Tens of thousands of Pakistani Muslims took to the streets on Tuesday to cheer and throw flowers on the casket of an executed bodyguard who in 2011 murdered popular Punjab Gov. Salman Taseer over his plan to reform the country's strict blasphemy law.
"He lives! Qadri lives!" supporters in the city of Rawalpindi chanted, according to Reuters. "From your blood, the revolution will come!"
Mumtaz Qadri was put to death for assassinating Taseer in 2011, an action which has made him a hero for many hardline Islamists. Taseer had been accused by hardline groups of committing blasphemy himself by criticizing the law, which is supposed to protect Muslim sentiments, but according to human rights groups is often used to settle personal scores and oppress Christians and other religious minorities.
News of Qadri's execution spread on Monday, prompting demonstrations in his support in the city.
"Mumtaz Qadri is a hero of Islam. He sent to hell a person who showed disrespect for the holy [Muslim] prophet," said Tahir Iqbal Chistie of the hard-line Sunni Tehreek movement.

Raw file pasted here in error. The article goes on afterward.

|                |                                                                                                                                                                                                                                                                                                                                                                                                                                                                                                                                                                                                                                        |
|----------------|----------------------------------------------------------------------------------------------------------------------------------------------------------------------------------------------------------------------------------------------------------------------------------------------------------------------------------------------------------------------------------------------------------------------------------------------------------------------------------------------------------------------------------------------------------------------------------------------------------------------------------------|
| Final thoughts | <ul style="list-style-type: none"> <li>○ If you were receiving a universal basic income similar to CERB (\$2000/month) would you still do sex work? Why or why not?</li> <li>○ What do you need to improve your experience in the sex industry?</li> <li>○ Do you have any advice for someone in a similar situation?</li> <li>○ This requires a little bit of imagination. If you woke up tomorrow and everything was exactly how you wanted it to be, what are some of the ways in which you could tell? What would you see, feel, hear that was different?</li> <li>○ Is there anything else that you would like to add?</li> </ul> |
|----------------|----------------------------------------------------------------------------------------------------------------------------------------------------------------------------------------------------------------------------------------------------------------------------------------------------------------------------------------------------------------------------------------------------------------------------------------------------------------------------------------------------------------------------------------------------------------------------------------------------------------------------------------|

Other Islamic groups in the country, however, including the conservative Council of Islamic Ideology, have said that Qadri was wrong to carry out the assassination.
"No one is above the law," Mohammad Sherani of the Council said. "I respect Qadri's religious sentiments but I respect Pakistan's constitution more."
The Supreme Court of Pakistan upheld Qadri's death sentence back in October, and also retained terrorism charges against the bodyguard that had previously been dropped by a lower court.
When he was alive, Taseer stood up for some of the many Christians who have been punished by the country's blasphemy laws, including mother of five Asia Bibi, who has been on death row for years after being accused of insulting Islam.
Catholic groups in Pakistan said that the Supreme Court's decision was the right one, even if Catholics oppose the death penalty.
"Given the case and the context, we expected this result, even if we as Catholics and human rights activists do not approve of the death penalty," Peter Jacob, director of the Centre for Social Justice, said at the time.
"The decision shows after all that the Supreme Court is independent and free from fundamentalist influences. The ruling will reopen the debate closed after the high-profile murder."
Ongoing blasphemy cases in Pakistan also include the death sentences of a disabled Christian man and his wife, who were punished for allegedly sending blasphemous text messages to an Islamic cleric.
Shafqat Masih, who is paralyzed from his waist down, said that he is seeking bail in February over his deteriorating health.
"I have developed bedsores and I may die in jail as there is no possibility of a better treatment there," Masih said. "There are serious contradictions in witness accounts against me and my wife and we are hopeful of an acquittal on our appeal."